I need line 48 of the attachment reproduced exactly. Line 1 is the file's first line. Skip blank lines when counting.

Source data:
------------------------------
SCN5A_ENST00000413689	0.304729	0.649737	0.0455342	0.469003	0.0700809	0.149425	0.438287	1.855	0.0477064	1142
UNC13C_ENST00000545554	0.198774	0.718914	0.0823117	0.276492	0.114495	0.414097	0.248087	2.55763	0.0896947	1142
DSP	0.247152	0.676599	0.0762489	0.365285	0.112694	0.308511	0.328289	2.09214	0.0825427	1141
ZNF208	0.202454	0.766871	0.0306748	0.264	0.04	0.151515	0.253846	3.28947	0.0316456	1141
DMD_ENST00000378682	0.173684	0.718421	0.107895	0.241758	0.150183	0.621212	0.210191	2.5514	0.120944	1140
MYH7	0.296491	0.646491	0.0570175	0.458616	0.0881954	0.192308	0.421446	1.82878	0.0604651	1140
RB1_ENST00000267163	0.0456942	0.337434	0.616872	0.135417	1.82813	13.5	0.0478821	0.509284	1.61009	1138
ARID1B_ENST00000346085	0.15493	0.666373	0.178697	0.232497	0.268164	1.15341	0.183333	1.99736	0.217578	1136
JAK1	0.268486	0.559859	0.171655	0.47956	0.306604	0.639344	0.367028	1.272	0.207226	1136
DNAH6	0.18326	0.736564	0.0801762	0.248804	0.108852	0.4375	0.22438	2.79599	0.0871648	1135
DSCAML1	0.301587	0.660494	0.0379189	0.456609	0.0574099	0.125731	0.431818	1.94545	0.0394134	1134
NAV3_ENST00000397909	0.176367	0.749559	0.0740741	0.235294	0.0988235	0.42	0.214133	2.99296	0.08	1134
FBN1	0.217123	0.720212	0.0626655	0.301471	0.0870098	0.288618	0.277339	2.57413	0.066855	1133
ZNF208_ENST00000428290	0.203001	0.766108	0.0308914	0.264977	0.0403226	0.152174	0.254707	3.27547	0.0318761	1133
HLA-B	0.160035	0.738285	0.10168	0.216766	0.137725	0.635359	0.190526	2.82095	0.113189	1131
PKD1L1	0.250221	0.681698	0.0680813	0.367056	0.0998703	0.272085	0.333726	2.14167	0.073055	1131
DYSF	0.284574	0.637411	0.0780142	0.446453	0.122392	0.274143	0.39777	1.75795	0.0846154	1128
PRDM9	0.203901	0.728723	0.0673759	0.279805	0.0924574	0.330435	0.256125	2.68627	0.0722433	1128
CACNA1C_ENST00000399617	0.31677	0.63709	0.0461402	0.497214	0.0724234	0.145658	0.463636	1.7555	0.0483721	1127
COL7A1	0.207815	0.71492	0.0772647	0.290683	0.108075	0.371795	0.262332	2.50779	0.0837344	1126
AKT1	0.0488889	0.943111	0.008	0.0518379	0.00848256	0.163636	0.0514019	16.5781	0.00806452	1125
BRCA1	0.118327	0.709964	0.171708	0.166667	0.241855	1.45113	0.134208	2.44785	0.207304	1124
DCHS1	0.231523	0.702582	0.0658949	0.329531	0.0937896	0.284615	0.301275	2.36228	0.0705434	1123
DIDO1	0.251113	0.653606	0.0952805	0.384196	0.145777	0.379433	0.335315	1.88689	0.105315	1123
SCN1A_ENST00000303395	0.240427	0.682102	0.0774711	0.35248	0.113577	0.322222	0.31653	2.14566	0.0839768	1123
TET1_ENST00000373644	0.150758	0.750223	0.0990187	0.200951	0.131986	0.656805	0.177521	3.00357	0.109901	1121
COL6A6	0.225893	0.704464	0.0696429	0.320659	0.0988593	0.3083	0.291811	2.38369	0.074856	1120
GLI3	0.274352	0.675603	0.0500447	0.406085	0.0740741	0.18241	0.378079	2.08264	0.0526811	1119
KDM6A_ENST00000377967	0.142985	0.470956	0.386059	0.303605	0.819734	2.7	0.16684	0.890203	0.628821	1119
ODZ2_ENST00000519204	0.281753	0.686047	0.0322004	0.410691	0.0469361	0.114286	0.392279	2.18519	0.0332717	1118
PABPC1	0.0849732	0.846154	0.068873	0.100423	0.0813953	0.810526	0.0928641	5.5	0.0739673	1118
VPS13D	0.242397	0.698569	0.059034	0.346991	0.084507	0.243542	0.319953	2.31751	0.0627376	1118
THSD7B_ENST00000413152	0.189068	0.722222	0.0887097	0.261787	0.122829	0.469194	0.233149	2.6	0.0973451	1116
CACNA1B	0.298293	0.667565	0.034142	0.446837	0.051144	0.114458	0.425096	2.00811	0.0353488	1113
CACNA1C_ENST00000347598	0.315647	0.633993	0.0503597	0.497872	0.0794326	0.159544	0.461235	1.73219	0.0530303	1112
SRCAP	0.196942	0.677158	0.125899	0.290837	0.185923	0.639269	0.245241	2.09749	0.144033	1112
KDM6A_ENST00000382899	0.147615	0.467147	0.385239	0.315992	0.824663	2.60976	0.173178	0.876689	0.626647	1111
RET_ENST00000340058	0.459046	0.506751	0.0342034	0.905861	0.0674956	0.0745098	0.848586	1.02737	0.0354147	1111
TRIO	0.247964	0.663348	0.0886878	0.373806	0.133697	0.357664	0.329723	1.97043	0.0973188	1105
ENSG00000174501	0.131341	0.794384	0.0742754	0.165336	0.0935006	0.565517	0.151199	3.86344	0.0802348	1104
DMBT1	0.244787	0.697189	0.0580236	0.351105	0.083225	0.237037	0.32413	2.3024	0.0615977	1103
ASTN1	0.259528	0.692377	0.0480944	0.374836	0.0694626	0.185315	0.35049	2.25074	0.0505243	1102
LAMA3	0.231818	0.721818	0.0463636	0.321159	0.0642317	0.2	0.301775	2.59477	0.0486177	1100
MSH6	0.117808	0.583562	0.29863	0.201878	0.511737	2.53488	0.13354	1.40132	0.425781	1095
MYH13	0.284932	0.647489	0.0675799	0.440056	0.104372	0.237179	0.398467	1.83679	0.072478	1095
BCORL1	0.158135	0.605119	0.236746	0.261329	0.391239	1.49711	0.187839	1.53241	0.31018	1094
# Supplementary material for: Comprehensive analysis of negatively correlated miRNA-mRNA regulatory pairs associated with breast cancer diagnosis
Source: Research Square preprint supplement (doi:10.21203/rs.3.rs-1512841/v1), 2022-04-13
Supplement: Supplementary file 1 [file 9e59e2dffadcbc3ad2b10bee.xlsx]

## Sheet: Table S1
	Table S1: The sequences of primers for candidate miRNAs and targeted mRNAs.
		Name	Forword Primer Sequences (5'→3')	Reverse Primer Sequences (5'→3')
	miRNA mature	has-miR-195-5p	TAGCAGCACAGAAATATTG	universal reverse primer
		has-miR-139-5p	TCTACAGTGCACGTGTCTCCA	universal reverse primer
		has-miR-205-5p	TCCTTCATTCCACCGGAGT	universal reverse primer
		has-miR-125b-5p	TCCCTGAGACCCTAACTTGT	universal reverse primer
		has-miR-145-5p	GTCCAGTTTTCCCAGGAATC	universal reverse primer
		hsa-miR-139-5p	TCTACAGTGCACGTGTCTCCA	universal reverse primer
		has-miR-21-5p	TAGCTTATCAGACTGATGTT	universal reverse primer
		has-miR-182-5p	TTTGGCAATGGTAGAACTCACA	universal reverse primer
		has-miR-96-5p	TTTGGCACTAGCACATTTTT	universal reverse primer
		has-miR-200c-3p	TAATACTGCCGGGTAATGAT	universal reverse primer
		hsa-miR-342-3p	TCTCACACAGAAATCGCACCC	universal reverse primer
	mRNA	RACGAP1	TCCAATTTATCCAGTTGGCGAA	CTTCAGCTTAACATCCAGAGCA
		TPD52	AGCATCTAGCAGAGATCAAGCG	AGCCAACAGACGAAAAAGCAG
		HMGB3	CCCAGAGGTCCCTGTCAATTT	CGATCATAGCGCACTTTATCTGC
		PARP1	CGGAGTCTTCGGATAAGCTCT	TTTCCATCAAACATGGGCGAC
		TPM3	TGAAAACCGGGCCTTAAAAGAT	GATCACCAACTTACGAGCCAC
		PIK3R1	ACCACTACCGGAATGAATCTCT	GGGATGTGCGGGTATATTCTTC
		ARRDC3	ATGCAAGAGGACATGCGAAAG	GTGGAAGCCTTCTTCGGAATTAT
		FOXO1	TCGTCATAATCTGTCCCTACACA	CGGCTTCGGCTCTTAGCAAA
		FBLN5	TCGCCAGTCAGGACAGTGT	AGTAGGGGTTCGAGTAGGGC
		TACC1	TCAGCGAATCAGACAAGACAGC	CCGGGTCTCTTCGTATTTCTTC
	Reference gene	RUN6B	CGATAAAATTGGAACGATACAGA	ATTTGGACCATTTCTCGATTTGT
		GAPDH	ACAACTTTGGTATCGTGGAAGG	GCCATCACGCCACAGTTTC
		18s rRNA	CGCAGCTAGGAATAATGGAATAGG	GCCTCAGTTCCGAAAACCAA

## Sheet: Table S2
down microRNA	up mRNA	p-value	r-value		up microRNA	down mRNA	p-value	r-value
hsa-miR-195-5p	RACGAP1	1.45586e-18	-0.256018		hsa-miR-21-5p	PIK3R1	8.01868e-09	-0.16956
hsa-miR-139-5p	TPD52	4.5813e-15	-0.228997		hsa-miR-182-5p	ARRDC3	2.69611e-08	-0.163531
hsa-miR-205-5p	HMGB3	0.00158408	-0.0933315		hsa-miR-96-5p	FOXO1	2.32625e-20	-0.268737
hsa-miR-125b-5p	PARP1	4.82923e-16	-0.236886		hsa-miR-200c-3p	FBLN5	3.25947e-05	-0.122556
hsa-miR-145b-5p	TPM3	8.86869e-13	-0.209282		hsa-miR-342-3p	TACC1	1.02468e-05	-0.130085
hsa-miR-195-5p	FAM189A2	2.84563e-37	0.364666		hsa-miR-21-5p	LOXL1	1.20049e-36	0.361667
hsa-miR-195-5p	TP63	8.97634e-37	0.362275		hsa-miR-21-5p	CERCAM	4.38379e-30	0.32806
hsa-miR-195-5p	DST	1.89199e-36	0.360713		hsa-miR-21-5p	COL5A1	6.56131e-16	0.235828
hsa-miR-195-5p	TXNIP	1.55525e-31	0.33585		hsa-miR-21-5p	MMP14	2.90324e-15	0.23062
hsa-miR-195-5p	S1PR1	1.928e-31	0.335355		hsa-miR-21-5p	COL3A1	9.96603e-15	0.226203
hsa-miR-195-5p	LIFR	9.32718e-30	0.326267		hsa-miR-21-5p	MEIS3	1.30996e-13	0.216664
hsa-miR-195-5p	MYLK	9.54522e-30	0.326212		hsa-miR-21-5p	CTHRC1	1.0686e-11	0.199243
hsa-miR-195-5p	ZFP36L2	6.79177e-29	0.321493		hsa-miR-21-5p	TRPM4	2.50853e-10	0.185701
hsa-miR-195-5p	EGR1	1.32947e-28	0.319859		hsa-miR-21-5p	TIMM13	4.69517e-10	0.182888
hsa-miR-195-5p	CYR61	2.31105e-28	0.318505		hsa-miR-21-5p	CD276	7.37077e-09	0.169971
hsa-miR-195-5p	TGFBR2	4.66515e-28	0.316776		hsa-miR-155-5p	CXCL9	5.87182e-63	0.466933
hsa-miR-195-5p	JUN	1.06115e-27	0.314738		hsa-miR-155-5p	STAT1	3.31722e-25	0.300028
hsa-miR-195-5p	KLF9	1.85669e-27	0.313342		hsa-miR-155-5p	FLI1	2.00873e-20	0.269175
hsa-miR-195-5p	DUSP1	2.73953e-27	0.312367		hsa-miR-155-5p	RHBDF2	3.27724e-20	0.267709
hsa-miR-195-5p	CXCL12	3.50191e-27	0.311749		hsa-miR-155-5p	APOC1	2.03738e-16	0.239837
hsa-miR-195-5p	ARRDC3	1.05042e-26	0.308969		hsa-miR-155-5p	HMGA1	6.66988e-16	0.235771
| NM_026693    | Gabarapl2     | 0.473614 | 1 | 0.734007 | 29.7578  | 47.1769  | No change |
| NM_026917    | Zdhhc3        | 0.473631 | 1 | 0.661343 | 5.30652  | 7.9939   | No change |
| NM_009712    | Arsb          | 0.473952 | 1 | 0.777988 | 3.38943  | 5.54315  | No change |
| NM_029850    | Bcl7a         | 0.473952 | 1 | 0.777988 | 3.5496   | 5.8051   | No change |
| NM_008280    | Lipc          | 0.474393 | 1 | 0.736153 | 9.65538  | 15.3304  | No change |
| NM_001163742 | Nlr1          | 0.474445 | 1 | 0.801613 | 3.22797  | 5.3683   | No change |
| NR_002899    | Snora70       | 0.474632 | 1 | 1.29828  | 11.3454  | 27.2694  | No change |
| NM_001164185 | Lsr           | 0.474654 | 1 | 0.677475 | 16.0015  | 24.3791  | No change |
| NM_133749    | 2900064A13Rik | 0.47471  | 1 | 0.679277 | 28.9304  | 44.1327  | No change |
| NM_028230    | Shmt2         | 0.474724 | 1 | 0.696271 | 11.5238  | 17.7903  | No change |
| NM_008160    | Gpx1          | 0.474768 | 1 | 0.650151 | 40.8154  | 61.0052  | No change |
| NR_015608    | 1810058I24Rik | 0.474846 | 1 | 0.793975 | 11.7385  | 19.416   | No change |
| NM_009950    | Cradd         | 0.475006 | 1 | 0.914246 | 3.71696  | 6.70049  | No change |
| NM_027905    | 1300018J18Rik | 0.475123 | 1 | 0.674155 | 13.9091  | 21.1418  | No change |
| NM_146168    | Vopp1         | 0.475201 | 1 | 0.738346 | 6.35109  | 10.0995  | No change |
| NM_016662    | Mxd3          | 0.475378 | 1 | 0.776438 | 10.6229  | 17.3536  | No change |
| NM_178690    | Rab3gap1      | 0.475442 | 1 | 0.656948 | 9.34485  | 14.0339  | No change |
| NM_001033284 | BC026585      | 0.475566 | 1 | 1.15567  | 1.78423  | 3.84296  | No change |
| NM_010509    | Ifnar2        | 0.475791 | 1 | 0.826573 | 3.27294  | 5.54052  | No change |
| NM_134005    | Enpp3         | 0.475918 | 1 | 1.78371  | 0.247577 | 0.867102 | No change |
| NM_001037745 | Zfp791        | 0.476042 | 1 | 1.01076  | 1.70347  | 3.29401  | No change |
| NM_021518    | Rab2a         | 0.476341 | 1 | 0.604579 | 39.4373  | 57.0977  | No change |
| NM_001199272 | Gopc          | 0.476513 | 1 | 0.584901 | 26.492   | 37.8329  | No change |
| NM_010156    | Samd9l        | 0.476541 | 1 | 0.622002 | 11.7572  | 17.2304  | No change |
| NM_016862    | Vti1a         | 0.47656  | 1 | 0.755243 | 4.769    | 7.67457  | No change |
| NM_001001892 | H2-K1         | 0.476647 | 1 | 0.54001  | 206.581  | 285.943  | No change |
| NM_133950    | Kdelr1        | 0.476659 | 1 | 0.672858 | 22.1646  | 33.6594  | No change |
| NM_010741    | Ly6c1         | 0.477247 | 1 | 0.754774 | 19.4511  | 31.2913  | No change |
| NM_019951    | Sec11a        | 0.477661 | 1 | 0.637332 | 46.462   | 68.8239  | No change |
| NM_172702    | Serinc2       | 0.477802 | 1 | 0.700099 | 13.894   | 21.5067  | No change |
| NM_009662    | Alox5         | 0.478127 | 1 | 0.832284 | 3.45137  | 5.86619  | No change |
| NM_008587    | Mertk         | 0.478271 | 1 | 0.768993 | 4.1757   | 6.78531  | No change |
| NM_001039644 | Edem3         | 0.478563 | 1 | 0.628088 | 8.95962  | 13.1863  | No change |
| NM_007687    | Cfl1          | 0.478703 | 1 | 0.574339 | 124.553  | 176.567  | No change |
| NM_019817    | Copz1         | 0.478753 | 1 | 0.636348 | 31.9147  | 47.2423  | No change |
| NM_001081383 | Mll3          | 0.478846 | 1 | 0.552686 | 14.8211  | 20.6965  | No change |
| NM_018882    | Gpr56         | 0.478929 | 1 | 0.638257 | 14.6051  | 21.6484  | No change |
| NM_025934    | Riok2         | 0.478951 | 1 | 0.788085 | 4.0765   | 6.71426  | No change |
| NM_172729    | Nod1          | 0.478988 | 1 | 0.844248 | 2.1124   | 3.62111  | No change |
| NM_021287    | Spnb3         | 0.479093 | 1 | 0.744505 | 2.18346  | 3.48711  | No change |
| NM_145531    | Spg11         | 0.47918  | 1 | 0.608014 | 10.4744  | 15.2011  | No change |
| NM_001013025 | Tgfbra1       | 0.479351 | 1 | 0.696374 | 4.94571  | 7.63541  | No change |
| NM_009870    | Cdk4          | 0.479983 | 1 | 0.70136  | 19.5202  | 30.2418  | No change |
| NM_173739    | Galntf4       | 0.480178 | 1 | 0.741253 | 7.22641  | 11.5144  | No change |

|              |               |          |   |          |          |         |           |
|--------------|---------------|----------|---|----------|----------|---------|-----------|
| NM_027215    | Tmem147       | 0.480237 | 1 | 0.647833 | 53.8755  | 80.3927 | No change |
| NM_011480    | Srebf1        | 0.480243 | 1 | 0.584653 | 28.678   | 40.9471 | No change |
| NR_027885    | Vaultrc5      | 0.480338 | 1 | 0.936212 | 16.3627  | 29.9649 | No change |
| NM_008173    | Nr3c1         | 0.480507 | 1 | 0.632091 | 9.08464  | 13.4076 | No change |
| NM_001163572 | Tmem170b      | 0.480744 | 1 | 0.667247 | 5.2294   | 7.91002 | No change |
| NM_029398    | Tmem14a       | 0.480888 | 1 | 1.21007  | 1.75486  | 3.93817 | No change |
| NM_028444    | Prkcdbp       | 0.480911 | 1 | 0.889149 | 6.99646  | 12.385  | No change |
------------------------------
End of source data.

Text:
Source: Research Square preprint supplement (doi:10.21203/rs.3.rs-1512841/v1), 2022-04-13